I Am a Jew and I am Proud

In this June 19, 1938 picture the word “jude” is smeared on the windows of a shop in Berlin run by Jews. (AP photo)

I was just called a “kike.” And not just a plain old kike but a “subversive kike.”

It sent shivers down my spine.

This comment came from a misguided reader of this blog, who had earlier made a snide comment about me being “a Jew” when I wrote disparagingly about the Republican party in the post Vote Your Conscious Not Your Party.

When I responded referring to him as an antisemite, this was what he proudly said this morning:

“You say that as if it’s a bad thing. A subversive kike calling me an antisemite is a compliment.”

I’m glad I could make him proud.

A real proud boy.

Well, I am a proud Jew.

Jew is not a derogatory slur.

Kike is.

Like dago, wop, mick, etc. its ugly origins are many.

Jews entering Ellis Island 1892

One theory is that “kike” comes from Yiddish.

In the “Joys of Yiddish,” author Leo Rosten notes that the word kike “was born on Ellis Island when there were Jewish migrants who were also illiterate (or could not use Latin alphabet letters. When asked to sign the entry forms with the customary “X”, the Jewish immigrants would refuse, because they associated an X with the cross of Christianity.”

Instead, Jewish immigrants “drew a circle as the signature on the entry forms.”

“The Yiddish word for “circle” is kikel (pronounced KY – kel), and for “little circle,” kikeleh. Before long the immigration inspectors were calling anyone who signed with an ‘O’ instead of an ‘X’ a kikel or kikeleh or kikee or, finally and succinctly, kike.”

Another theory blames the Jews themselves for the slur.

They claim that Jews called other Jews “kikes” — and this applied in particular to Jews speaking about poorer and more desperate Jews from the East, or ostjuden, who were much maligned by better-off and more “cultured” German Jews.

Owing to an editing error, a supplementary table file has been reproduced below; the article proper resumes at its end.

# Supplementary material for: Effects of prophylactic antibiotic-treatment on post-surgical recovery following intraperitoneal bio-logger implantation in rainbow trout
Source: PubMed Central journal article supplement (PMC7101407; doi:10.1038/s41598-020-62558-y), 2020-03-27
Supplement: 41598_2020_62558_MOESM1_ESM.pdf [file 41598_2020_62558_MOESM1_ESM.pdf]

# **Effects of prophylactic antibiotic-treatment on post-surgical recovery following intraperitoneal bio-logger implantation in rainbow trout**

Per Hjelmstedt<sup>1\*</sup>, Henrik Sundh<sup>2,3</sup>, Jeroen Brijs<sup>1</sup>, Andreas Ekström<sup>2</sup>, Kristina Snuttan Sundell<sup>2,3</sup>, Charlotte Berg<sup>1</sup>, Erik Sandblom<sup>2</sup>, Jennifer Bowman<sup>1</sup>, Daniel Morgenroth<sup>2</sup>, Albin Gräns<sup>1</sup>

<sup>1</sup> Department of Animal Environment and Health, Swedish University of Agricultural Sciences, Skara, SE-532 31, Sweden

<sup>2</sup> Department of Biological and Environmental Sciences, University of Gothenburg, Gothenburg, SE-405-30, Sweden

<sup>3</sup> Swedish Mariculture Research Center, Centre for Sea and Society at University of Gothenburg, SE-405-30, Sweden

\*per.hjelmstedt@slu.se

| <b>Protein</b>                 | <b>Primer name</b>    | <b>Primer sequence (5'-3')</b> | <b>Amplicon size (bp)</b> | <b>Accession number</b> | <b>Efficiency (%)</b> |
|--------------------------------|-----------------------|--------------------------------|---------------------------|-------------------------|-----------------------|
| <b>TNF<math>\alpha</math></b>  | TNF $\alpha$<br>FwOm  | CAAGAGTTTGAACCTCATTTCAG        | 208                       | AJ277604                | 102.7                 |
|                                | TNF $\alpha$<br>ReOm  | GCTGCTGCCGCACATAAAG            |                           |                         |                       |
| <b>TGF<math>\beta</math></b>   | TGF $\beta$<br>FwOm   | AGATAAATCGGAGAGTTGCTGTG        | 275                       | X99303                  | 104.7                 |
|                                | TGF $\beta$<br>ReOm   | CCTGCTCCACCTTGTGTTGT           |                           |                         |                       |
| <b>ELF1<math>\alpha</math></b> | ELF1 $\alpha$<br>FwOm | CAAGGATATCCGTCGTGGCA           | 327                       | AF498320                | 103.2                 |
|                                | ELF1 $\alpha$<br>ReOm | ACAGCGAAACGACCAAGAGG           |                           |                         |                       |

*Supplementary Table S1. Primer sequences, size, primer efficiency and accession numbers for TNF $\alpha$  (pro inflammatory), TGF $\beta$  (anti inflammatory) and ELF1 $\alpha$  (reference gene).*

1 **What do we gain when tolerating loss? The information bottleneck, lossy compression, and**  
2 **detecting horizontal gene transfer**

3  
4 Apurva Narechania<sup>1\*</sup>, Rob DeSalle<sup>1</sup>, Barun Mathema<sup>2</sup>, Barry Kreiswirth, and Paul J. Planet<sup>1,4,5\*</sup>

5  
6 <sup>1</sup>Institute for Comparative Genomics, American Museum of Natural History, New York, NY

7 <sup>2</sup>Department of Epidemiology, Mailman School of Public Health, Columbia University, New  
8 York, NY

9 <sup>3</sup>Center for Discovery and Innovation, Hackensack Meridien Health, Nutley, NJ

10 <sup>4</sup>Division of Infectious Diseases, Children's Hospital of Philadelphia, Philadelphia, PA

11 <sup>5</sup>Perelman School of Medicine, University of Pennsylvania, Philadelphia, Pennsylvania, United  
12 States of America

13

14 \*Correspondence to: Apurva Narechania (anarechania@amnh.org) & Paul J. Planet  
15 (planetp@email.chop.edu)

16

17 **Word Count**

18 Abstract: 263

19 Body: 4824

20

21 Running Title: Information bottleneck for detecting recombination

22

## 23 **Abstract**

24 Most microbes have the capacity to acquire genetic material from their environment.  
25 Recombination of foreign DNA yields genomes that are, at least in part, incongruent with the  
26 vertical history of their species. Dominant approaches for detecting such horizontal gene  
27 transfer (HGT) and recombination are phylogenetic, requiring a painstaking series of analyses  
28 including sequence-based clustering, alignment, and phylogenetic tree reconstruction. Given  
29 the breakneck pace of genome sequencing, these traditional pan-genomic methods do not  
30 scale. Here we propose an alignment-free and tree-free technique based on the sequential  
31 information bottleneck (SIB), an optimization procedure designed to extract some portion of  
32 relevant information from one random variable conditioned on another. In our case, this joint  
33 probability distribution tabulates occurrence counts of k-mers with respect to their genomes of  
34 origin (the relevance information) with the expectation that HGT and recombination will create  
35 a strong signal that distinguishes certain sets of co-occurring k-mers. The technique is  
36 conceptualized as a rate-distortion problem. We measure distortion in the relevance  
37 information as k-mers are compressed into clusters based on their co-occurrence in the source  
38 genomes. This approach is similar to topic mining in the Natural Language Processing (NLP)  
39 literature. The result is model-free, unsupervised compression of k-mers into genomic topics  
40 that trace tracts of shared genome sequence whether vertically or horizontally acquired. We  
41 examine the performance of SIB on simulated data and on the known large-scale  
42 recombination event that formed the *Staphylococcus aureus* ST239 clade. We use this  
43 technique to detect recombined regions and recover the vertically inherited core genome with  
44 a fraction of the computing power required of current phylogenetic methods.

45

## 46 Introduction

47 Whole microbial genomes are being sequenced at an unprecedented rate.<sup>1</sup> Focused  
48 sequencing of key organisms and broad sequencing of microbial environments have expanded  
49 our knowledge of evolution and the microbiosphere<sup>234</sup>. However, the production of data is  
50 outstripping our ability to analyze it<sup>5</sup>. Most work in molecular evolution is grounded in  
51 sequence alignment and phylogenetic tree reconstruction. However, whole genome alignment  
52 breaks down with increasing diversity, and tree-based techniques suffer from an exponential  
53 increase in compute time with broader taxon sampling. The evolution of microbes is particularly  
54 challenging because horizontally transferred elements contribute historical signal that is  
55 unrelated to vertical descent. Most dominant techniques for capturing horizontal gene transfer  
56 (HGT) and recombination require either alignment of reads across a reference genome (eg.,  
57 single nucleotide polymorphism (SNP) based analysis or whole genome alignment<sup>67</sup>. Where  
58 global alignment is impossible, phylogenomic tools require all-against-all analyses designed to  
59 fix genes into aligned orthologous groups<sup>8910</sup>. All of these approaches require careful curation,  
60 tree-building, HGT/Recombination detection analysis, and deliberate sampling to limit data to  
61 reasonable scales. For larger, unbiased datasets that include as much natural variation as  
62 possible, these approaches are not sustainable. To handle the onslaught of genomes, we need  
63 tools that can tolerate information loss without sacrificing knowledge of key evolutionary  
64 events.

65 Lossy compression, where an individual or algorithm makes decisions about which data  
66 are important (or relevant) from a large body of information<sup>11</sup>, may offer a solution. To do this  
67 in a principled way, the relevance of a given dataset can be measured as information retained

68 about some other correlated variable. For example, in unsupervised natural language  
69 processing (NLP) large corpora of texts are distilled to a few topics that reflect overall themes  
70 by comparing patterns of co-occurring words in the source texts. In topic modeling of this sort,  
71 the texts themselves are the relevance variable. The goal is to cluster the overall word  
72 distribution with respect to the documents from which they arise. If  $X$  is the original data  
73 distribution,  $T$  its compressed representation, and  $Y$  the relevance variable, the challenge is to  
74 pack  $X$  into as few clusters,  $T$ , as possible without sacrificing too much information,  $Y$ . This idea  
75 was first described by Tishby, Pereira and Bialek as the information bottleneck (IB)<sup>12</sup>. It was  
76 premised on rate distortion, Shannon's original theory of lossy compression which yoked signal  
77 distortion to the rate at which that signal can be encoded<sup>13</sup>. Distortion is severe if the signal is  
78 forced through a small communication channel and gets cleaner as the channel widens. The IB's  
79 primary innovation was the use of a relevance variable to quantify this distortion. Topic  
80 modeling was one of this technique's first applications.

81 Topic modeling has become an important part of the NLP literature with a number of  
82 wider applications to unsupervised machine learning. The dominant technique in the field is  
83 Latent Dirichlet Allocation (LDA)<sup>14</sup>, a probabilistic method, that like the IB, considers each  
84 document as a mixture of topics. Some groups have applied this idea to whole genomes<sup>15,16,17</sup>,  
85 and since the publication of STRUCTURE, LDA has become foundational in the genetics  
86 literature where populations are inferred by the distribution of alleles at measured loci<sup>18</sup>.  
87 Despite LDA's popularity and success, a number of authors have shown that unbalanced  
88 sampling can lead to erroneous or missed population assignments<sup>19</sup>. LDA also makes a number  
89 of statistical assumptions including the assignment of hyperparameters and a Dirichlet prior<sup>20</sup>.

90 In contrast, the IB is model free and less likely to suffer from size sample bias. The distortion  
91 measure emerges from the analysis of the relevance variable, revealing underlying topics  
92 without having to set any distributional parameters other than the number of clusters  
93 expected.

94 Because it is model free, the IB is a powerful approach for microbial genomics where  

Cover of “Our Crowd,” by Stephen Birmingham and a vintage postcard of Jews arriving in America

In Our Crowd: The Great Jewish Families of New York, the 1967 bestseller which looked at the Jewish upper class, Stephen Birmingham suggests that “because many Russian [Jewish] names ended in ‘ki’, they were called ‘kikes’ — a German Jewish contribution to the American vernacular. The name then proceeded to be co-opted by non-Jews as it gained prominence in its usage in society, and was later used as a general derogatory slur.”

A Jew By Definition

Disturbingly, the dictionary definition of the word “Jew” has been the subject of lawsuits, and “kike” eventually became part of that.

In a June 1973  article in The New York Times reported on a lawsuit by Marcus Shloimovitz, a 67-year-old textile merchant, objecting to one of the Oxford English Dictionary’s definitions of a “Jew” as someone who “drives a hard bargain.”

The OED editor at the time,  R. W. Burchfield, refused to remove it, and he was then criticized for his stance by other dictionary editors—who brought “kike” into the conversation, referring to the inclusion of dago, wop, and kike in the dictionary.

At the same time, Webster’s Third New International Dictionary,  Unabridged, carried four definitions for the noun “Jew.” The dictionary’s first definition is a person of Hebrew an Israelite

The final one is “a person believed to drive a hard bargain.” A verb form is defined: “to cheat by sharp business practice — usually taken to be offensive.”

It’s incredible to realize that as late as 1973, this was Webster’s definition. The same dictionary I used that year to write papers in High School.

And that Oxford not only defined “Jew” as someone driving a hard bargain, but had its editor talking to the press and the courts to defend that definition.

Fifty years later the ugly stench of antisemitism is wafting through our culture.

Though its odious stench assaults my senses, I  will not be silenced.

I am proud of my heritage

I am a Jew.



  1. An intelligent and informative response. Sorry that you we denigrated and that this hateful rhetoric is growing. Sad that with just two words free speech can be attacked as subversive. and hate speech, for this reader, used as if it is acceptable. Where is his approval and encouragement possibly coming from?


  2. Words become bullets for those who attack people they are too ignorant to understand. I didn’t know what those words meant until someone called my Dad a wop in grade 4. I was beating the living daylight out of him only to be stopped by my older brother. One of the teachers then proceeded to hold a special class about words that hurt. Since then I made it a habit to find the meaning of words before using them. Thanks for the reminder Sally.

    Liked by 1 person

  3. Pingback: American Hate- Who’s Keeping Count? | Envisioning The American Dream

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